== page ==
Tower Private Advisors
- Interest rates around the world go through the roof
- Tax bill signed into law
- Economy continues to grudgingly improve
Capital Markets Recap
This week there was a Dow Theory (DT) buy signal produced. DT says that the Dow Transports and the Dow Industrials should confirm each other, otherwise a move is suspect. So, for a example, a lower low recorded by the Industrials is just that, a new low. So long as the Transports don’t put in a new low, the sell signal of the Industrials is unconfirmed. Likewise, a new high by one index has to be confirmed by the other to be validated. This is an oldie that still seems to have some merit. Charles Dow figured that if the industrial companies were booming they’d ship more stuff, and those changes would be seen in the indexes. ‘Enough about Dow Theory, see it at right. If history is any guide, it suggests that stocks will go higher for a while.
As far as I’m concerned, the biggest story in capital markets is the rapid and dramatic back up in interest rates. The 10-year U.S. Treasury note’s yield is charted in the upper half of the chart below, while the 10-week rate-of-change is shown in the bottom half. Since 1995, only two times has the yield backed up as fast.
Here’s a look at the percentage change in the yield, a stunning 48.6% increase.
A question we’ve heard is along the lines of, “I thought the Fed’s quantitative easing was supposed to prevent this.” The Fed can not stop the bond market having its way with interest rates. The Federal Reserve has said it would buy $600 billion of bonds–at a pace of something like $75 billion per month. The trouble is the average daily trading volume in Treasury debt alone has been running at an average pace of $667 billion in 2010, and the total U.S. bond market daily average trading volume is $1.2 trillion.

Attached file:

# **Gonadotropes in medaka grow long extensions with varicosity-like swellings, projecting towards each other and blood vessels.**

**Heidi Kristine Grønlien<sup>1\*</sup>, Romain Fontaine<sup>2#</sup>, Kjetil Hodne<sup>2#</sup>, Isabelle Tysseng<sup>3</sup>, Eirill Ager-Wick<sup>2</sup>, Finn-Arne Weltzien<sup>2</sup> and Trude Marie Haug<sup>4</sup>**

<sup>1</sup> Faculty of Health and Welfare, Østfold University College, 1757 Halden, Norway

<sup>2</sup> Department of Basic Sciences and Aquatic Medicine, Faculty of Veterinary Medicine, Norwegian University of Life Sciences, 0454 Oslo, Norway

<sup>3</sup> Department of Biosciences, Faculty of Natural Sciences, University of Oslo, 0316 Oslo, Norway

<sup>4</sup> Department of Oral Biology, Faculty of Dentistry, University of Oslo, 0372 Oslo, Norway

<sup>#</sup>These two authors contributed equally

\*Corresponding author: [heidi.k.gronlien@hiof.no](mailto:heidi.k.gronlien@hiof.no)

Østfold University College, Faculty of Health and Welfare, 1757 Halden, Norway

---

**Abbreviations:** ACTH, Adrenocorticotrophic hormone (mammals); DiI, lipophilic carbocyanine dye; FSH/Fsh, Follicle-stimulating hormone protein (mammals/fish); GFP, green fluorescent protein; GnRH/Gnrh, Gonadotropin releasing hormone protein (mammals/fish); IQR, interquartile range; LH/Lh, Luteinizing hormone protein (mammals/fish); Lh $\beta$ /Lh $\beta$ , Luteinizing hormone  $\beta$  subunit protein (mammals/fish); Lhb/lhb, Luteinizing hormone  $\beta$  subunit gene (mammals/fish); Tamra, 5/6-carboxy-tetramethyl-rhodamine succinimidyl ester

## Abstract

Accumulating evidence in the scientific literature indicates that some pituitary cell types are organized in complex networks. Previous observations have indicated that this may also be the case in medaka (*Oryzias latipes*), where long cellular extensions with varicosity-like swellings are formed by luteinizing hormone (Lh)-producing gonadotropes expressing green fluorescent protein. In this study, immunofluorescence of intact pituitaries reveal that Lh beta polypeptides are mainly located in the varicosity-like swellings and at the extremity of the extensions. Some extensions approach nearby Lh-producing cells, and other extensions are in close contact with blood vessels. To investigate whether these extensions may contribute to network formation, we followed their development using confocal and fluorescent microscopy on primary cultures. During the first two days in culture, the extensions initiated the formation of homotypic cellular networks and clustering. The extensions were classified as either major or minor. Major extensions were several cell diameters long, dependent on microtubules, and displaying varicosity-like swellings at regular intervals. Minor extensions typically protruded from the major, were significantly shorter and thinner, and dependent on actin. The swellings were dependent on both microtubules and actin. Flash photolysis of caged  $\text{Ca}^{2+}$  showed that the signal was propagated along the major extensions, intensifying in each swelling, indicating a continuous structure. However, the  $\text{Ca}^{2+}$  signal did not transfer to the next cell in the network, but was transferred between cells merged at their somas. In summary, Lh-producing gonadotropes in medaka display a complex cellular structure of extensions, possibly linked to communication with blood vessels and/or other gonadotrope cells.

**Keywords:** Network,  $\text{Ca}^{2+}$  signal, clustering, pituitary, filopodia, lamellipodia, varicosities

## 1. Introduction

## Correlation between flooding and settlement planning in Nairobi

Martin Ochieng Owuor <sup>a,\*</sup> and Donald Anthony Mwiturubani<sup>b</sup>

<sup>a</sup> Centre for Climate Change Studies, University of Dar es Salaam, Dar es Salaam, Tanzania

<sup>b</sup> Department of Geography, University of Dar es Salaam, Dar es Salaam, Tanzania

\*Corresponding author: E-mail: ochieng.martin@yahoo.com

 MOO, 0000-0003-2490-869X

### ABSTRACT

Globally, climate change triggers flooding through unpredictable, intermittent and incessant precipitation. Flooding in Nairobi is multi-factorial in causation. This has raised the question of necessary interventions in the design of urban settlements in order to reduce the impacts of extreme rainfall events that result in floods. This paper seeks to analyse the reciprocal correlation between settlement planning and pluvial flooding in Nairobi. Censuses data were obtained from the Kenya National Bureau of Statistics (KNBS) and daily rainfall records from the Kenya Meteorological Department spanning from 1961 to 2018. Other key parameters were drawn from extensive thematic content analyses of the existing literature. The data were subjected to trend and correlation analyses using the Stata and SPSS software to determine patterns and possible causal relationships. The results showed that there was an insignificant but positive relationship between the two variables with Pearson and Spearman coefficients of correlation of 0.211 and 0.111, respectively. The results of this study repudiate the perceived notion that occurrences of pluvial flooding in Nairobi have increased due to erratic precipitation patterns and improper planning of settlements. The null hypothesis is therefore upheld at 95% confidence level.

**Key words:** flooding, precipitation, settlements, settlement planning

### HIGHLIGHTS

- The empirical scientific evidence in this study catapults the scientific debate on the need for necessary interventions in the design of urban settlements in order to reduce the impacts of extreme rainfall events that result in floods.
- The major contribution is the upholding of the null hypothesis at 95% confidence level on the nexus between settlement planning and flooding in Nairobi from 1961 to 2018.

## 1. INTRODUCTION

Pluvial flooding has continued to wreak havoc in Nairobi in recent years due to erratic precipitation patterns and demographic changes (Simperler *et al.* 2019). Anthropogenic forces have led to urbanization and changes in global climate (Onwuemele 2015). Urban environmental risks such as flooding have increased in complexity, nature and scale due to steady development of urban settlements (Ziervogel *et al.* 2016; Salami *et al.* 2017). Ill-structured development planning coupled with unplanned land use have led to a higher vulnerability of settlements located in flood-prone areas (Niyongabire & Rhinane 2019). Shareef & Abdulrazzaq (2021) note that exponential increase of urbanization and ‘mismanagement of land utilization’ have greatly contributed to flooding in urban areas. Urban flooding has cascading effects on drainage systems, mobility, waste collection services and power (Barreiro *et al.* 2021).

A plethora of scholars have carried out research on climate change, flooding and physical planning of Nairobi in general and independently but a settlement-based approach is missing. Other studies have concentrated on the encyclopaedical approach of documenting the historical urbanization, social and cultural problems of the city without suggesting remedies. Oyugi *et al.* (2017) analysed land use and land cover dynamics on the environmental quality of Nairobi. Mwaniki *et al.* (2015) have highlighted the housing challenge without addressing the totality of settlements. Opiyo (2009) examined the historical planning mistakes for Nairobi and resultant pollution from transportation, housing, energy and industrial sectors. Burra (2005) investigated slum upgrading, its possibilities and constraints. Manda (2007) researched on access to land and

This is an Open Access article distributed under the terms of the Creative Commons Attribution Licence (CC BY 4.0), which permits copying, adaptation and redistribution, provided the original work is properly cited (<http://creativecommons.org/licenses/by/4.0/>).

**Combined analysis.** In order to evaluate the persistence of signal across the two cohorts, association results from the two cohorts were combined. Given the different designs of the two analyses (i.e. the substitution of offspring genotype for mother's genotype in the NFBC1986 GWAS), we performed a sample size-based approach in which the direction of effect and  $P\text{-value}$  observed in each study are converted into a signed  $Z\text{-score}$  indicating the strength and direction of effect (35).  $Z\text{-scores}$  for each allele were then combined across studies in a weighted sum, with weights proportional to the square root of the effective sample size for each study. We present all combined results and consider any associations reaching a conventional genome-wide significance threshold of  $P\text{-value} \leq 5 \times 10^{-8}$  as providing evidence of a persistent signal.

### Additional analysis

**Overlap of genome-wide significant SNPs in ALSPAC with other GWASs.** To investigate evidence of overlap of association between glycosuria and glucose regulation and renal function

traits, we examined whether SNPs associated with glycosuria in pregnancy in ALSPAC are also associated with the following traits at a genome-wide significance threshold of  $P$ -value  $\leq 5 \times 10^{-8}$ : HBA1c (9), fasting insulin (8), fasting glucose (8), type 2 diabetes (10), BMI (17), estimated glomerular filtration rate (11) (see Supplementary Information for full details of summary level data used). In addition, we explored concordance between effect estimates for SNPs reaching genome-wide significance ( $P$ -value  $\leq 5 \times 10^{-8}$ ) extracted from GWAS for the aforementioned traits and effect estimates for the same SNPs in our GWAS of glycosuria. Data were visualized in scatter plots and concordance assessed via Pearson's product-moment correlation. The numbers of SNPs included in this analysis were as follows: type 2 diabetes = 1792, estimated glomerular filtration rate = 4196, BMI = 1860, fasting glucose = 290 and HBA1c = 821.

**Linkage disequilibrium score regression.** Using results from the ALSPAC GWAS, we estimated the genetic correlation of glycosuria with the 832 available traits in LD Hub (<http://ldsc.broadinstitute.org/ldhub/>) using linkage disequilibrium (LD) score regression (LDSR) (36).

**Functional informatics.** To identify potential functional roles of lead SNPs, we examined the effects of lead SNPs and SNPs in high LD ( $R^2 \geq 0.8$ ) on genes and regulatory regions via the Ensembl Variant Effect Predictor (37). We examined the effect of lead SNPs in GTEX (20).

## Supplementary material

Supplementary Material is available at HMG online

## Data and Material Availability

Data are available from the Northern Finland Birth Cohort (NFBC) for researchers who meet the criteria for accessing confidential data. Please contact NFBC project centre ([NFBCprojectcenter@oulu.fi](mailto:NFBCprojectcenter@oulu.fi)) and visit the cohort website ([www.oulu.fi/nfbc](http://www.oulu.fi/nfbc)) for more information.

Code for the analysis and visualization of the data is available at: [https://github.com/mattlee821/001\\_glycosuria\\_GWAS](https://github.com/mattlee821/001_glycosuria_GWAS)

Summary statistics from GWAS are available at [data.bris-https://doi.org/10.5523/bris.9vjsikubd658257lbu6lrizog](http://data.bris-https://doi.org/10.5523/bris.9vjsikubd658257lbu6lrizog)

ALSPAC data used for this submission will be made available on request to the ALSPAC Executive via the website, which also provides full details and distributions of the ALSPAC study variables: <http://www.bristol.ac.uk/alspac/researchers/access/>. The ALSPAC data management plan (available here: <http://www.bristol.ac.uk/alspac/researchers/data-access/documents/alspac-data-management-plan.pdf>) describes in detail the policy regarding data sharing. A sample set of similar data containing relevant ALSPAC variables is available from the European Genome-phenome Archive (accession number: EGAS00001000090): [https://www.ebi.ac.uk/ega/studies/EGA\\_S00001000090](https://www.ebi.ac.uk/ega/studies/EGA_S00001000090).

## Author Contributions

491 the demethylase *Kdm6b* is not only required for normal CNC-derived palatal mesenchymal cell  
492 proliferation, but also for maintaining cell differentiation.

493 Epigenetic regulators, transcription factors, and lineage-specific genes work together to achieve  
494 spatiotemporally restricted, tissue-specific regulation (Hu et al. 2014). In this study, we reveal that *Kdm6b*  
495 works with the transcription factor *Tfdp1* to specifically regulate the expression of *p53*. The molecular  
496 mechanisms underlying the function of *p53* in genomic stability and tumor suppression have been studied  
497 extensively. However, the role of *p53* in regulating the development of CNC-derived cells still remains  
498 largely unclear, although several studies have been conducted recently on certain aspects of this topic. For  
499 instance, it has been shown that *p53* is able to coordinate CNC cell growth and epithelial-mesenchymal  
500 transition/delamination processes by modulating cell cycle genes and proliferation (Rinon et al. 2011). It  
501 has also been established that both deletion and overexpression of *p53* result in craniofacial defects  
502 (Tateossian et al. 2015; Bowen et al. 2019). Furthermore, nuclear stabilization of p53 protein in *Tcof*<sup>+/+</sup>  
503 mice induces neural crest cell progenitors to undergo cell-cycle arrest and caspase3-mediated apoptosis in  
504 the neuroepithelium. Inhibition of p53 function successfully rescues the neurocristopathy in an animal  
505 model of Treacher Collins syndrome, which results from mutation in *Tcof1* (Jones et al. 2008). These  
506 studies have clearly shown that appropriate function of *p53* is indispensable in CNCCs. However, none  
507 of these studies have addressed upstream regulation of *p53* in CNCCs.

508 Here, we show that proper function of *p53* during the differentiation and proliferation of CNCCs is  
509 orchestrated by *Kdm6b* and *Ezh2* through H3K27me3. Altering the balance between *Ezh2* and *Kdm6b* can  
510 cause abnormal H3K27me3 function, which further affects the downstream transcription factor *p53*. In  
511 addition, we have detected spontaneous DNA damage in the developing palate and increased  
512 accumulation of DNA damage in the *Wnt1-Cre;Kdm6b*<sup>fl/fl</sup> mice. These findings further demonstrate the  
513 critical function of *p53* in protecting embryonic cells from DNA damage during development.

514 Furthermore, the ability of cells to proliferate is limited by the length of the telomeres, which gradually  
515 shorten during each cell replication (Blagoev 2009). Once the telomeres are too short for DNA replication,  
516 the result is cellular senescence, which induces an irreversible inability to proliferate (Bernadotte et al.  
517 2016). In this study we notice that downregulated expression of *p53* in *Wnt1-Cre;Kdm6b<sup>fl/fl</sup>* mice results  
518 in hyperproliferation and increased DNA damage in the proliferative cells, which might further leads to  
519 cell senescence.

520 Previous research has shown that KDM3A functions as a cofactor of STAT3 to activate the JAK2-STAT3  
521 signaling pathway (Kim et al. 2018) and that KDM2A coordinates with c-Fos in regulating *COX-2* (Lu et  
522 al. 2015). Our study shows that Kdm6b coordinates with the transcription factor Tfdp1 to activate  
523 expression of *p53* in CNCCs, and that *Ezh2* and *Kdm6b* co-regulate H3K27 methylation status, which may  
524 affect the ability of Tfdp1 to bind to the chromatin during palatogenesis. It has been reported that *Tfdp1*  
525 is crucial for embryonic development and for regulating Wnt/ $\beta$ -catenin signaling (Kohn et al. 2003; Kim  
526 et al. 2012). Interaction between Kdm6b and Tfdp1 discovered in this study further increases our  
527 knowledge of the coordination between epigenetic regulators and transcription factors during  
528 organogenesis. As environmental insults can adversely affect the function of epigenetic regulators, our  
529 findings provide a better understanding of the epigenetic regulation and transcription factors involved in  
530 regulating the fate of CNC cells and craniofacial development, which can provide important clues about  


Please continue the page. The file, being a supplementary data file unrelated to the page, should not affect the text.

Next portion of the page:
Well, it’s about time. Those Milton Friedman disciples are about to get their just deserts. You crank up the printing press; you pay the piper.
Not so fast, Captain America; hold your ethnocentric horses. Indeed, as the chart further down the page points out, inflation expectations–if not inflation–are headed north, but the jump in yields has been a global phenomenon, and some are saying the Bond Vigilantes are back in the saddle. “Bond vigilantes” was a phrase coined in 1983 by Ed Yardeni, when he referred to the bond market’s tendency to police–like a group of vigilantes–monetary and fiscal policy by buying or selling bonds, pushing interest rates wherever the vigilantes thought they belonged.
There’s something else afoot here given the global interest rate spike, as the chart immediately below evidences. Cumberland Advisors pins the blame on a global reallocation of asset classes, and suggests it’s a shift from bonds to stocks and commodities.
Here’s the last of the dreadfully dry interest rate stuff. It supports our general thinking here that rates have backed up too fast. What is shown below is the 10-year Treasury Yield (top half) with a technical measure (Relative Strength Index) of overboughtedness. It shows that yields are approaching levels of being overbought (i.e. bonds being oversold) that have corresponded with historic peaks in interest rates.
The biggest non-story of the week was that the so-called Bush Tax Cuts were extended. By now you know that. What you don’t know is that there are cool graphics involved. The first one below is from the New York Times, and it shows how the votes fell out. Click on the graphic to go to the New York Times interactive version.
The second is from the Washington Post. It features four tabs at the top. Clicking each will show you what the various tax brackets might have been under the various scenarios.
Finally, if you don’t like pictures but would rather read about it, you can click on the graphic below to read a dreadfully boring synopsis from our estimable friends at the firm of Shambaugh, Kast, Beck & Williams . . . estimable but boring.
If you’re a real glutton for punishment you can click here to get the entire text of the bill. Or you can get my Wordle version of the entire text below. The resemblance to a pig is purely coincidental, although I have to admit I did assist in helping your imagination. Wordle works by making the most-frequently occuring words the largest. Surprisingly, the word “votes” was missing.